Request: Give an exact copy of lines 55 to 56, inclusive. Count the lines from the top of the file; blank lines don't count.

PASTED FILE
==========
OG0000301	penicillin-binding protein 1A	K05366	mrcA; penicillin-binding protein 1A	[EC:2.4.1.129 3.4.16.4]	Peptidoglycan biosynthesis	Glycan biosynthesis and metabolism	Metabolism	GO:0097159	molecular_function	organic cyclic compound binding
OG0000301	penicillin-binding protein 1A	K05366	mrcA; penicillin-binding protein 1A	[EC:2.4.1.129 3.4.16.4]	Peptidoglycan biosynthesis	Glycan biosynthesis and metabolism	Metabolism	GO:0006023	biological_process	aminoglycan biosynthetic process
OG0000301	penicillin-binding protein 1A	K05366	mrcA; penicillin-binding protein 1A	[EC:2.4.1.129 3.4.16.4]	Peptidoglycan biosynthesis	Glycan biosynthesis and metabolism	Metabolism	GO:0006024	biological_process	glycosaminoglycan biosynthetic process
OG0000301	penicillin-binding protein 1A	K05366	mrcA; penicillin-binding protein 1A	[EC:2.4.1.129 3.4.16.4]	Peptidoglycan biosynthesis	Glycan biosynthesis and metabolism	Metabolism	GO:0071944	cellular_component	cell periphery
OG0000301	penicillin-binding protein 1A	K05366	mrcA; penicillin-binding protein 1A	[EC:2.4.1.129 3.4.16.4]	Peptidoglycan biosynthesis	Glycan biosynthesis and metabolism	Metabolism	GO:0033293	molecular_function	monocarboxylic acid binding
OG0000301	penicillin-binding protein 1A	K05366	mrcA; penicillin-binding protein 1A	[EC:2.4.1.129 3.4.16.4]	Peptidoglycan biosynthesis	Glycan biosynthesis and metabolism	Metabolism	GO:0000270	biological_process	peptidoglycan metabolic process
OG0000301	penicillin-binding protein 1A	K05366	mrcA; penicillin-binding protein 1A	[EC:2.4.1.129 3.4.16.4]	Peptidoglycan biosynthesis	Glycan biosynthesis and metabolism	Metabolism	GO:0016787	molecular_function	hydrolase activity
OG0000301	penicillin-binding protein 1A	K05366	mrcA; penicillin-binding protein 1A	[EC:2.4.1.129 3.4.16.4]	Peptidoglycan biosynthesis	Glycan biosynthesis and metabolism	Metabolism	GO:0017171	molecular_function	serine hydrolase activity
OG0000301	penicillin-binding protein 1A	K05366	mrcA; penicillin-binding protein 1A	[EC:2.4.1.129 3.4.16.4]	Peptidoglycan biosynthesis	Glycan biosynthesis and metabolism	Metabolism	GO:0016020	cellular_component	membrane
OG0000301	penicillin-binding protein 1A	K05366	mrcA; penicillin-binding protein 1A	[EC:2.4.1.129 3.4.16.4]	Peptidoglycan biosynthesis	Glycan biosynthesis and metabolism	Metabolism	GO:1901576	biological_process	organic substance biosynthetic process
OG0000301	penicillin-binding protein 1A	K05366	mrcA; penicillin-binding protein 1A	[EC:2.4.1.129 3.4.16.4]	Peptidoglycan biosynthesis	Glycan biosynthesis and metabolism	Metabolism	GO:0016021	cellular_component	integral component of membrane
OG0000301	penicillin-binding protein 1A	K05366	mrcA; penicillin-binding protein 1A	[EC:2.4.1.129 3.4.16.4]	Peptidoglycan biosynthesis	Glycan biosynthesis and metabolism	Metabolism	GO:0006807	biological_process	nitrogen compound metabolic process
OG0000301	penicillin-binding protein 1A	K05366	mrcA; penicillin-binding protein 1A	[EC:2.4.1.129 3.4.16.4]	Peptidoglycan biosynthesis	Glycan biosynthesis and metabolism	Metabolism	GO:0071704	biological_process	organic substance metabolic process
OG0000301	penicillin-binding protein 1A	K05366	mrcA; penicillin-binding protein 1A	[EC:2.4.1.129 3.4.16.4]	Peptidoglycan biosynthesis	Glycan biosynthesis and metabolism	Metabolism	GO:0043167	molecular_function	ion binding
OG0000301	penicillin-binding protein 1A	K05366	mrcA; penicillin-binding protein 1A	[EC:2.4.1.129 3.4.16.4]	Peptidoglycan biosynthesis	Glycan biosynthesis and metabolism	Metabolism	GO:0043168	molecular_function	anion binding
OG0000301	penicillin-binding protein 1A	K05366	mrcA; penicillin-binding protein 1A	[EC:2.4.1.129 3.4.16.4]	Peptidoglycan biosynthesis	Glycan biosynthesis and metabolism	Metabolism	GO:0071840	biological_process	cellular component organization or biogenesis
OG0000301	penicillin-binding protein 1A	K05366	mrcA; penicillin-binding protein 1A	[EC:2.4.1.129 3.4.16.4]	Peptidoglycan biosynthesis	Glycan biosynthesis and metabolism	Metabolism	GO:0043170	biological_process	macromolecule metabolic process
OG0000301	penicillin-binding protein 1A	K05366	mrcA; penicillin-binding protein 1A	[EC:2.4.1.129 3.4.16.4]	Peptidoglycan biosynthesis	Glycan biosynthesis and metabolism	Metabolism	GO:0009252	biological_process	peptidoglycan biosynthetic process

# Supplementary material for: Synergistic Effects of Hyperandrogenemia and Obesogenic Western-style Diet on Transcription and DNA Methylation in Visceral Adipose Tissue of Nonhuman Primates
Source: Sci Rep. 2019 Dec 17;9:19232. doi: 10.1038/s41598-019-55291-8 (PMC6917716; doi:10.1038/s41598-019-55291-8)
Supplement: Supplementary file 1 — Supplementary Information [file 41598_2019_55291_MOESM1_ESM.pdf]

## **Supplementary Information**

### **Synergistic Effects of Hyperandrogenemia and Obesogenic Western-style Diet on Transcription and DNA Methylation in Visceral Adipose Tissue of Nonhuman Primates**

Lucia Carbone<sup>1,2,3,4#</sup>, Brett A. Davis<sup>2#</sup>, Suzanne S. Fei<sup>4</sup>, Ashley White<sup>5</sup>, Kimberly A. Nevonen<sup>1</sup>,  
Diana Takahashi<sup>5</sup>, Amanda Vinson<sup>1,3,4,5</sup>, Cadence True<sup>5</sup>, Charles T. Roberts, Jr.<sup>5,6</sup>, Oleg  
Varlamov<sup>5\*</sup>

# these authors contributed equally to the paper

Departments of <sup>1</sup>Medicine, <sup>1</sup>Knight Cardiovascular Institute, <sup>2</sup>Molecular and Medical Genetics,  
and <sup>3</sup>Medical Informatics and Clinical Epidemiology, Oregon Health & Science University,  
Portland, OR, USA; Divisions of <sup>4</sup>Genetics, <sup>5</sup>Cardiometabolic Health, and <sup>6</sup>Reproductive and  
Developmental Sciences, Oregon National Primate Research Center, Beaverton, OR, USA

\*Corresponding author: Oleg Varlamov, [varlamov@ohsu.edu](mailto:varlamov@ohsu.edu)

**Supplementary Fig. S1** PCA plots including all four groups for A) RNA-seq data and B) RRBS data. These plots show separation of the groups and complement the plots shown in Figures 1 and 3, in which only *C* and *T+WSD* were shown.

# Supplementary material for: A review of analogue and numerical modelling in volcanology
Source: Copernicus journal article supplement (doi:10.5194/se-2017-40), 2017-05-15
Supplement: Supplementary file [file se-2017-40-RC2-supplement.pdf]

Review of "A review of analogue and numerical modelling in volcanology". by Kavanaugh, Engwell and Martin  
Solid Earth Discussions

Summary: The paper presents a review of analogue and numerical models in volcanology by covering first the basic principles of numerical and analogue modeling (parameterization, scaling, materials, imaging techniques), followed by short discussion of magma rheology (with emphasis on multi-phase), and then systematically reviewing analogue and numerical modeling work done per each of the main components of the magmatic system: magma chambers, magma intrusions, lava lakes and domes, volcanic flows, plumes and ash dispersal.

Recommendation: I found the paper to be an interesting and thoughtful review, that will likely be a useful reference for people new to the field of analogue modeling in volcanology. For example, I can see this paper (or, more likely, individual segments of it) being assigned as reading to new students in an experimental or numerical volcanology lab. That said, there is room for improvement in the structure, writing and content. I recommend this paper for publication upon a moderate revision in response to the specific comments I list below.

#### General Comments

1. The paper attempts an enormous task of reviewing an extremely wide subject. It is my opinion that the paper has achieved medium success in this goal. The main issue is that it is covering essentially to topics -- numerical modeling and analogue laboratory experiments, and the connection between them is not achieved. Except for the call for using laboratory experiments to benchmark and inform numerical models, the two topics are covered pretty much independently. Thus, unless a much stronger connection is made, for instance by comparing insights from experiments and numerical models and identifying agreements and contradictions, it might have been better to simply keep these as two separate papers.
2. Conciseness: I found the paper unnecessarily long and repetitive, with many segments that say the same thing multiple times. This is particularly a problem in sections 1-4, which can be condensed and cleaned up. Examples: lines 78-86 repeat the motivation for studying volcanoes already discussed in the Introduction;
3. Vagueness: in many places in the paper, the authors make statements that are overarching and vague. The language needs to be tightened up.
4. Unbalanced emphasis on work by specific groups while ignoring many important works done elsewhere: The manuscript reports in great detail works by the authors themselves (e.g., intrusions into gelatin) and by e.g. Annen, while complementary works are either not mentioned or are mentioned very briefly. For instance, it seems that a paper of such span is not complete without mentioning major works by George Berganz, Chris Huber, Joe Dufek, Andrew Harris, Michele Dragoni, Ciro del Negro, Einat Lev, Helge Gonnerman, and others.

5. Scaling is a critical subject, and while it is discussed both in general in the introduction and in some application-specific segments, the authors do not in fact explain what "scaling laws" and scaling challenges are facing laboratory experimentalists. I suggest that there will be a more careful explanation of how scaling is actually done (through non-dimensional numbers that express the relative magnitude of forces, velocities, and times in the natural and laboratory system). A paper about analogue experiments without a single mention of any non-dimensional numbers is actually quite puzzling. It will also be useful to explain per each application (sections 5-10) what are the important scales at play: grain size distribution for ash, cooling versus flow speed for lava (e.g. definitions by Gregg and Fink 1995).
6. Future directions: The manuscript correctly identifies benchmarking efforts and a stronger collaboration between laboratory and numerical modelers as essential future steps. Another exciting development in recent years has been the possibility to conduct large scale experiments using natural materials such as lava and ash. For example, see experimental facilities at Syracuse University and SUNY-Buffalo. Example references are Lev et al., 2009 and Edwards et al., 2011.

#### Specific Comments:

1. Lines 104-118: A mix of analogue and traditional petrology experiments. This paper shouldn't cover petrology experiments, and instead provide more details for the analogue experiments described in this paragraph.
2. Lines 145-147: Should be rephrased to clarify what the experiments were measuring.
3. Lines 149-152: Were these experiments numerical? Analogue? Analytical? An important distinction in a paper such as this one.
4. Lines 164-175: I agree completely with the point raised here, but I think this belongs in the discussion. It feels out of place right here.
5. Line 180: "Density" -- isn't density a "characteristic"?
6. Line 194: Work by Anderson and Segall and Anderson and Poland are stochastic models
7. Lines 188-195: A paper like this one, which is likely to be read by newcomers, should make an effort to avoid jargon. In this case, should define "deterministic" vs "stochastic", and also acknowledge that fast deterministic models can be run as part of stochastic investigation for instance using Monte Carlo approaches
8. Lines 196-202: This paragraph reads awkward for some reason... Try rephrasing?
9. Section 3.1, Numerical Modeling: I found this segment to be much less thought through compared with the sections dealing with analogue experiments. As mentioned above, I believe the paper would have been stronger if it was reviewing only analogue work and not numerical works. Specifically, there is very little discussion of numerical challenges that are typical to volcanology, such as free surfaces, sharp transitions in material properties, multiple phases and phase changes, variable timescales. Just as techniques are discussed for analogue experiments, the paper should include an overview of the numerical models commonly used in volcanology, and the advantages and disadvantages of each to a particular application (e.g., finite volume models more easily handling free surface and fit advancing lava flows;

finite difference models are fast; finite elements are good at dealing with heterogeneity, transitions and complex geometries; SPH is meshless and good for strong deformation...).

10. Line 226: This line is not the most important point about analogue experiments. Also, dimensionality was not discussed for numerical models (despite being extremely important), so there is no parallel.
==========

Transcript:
7. Lines 188-195: A paper like this one, which is likely to be read by newcomers, should make an effort to avoid jargon. In this case, should define "deterministic" vs "stochastic", and also acknowledge that fast deterministic models can be run as part of stochastic investigation for instance using Monte Carlo approaches
8. Lines 196-202: This paragraph reads awkward for some reason... Try rephrasing?